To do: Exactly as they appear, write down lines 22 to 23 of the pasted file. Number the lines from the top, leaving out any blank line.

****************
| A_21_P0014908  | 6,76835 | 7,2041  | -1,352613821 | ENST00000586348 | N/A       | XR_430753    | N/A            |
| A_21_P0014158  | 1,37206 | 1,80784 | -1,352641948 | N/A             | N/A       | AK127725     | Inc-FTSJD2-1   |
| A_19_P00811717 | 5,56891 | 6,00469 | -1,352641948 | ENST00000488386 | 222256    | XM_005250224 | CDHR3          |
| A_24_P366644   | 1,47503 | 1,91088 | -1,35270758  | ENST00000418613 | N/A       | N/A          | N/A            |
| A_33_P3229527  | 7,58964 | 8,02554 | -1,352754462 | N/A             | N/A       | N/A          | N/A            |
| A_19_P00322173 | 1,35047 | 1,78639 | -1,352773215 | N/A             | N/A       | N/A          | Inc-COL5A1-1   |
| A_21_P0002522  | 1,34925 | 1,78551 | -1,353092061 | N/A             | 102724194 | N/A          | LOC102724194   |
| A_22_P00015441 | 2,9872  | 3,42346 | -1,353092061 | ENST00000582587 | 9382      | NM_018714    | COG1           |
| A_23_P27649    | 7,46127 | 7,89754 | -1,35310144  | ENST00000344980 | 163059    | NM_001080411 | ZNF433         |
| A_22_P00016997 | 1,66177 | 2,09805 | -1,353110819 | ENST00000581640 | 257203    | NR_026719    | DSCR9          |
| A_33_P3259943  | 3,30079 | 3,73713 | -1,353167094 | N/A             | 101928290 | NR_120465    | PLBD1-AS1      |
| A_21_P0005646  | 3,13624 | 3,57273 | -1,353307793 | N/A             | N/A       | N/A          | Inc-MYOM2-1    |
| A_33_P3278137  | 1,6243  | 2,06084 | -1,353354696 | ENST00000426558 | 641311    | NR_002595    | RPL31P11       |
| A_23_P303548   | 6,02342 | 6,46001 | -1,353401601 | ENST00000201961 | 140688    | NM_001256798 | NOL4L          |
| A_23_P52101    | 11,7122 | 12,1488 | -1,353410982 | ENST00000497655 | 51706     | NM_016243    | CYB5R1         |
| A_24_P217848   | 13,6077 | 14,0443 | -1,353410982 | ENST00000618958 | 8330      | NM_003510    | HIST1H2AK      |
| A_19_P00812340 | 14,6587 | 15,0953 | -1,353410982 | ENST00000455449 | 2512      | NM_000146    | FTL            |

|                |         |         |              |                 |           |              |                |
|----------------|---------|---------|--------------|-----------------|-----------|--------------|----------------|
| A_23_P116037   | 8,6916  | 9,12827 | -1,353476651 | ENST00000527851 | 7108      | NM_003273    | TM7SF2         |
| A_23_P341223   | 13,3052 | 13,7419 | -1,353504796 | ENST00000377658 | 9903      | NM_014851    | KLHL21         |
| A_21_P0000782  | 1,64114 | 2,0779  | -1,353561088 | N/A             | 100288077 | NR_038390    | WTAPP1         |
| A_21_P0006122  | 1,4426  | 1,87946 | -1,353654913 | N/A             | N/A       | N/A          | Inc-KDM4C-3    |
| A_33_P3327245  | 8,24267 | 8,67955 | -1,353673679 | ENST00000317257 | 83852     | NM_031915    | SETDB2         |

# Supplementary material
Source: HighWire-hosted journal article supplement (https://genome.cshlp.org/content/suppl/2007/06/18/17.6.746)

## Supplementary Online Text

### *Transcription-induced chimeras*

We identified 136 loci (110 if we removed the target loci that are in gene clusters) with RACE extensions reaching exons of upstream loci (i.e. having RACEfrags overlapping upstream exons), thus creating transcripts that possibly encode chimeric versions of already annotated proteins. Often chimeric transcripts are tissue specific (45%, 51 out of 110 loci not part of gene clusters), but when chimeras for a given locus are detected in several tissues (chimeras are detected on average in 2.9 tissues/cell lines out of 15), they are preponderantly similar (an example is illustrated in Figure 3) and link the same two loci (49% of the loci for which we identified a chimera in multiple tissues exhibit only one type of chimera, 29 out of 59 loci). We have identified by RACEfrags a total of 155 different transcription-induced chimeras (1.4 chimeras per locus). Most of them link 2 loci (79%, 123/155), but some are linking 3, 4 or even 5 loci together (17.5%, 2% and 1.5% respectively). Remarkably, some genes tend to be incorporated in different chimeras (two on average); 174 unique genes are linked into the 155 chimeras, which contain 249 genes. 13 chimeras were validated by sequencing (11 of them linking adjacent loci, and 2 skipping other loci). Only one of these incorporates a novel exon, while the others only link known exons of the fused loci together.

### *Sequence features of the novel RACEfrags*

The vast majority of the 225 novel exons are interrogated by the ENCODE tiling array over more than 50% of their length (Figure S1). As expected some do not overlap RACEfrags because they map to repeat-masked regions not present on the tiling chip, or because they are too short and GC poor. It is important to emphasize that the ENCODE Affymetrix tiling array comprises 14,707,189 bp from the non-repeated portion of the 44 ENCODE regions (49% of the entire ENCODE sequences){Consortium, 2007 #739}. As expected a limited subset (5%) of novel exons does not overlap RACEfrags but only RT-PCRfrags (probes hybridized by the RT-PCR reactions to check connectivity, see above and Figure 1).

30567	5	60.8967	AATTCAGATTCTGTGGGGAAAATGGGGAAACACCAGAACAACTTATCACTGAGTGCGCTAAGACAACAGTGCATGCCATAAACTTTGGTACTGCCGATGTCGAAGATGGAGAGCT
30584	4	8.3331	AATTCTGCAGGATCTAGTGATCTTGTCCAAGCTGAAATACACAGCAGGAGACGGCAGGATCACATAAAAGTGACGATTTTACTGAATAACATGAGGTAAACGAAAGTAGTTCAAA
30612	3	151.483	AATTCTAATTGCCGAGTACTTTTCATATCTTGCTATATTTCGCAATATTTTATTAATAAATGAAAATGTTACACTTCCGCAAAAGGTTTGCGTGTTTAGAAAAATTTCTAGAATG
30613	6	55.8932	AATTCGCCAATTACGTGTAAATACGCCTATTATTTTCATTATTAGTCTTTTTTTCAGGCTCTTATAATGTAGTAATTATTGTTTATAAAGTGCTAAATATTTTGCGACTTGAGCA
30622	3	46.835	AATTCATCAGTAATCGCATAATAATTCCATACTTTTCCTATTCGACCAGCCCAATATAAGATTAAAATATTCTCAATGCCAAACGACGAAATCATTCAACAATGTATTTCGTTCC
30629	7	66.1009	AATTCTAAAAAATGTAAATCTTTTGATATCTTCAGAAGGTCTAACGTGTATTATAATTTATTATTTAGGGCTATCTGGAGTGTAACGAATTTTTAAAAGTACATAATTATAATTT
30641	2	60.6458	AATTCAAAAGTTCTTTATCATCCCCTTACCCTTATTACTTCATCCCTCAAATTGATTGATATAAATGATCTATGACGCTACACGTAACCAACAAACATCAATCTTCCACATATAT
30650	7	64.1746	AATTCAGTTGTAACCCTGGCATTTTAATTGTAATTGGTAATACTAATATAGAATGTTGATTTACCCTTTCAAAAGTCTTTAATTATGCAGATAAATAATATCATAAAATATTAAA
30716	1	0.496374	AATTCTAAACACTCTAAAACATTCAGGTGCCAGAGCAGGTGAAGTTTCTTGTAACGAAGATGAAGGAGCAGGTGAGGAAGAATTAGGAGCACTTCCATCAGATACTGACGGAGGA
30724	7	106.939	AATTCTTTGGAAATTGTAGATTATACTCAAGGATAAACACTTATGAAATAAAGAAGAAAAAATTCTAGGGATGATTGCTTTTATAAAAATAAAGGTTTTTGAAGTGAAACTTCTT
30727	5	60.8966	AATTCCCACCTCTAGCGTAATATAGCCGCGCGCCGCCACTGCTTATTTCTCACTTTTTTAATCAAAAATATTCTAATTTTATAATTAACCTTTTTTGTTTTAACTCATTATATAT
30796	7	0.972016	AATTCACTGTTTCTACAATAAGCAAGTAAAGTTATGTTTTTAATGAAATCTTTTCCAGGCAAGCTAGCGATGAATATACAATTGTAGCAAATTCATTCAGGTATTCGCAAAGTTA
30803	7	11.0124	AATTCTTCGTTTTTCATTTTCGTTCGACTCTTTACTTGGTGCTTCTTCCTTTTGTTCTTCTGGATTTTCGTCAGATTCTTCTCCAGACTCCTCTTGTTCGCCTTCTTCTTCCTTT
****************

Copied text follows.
| A_21_P0000782  | 1,64114 | 2,0779  | -1,353561088 | N/A             | 100288077 | NR_038390    | WTAPP1         |
| A_21_P0006122  | 1,4426  | 1,87946 | -1,353654913 | N/A             | N/A       | N/A          | Inc-KDM4C-3    |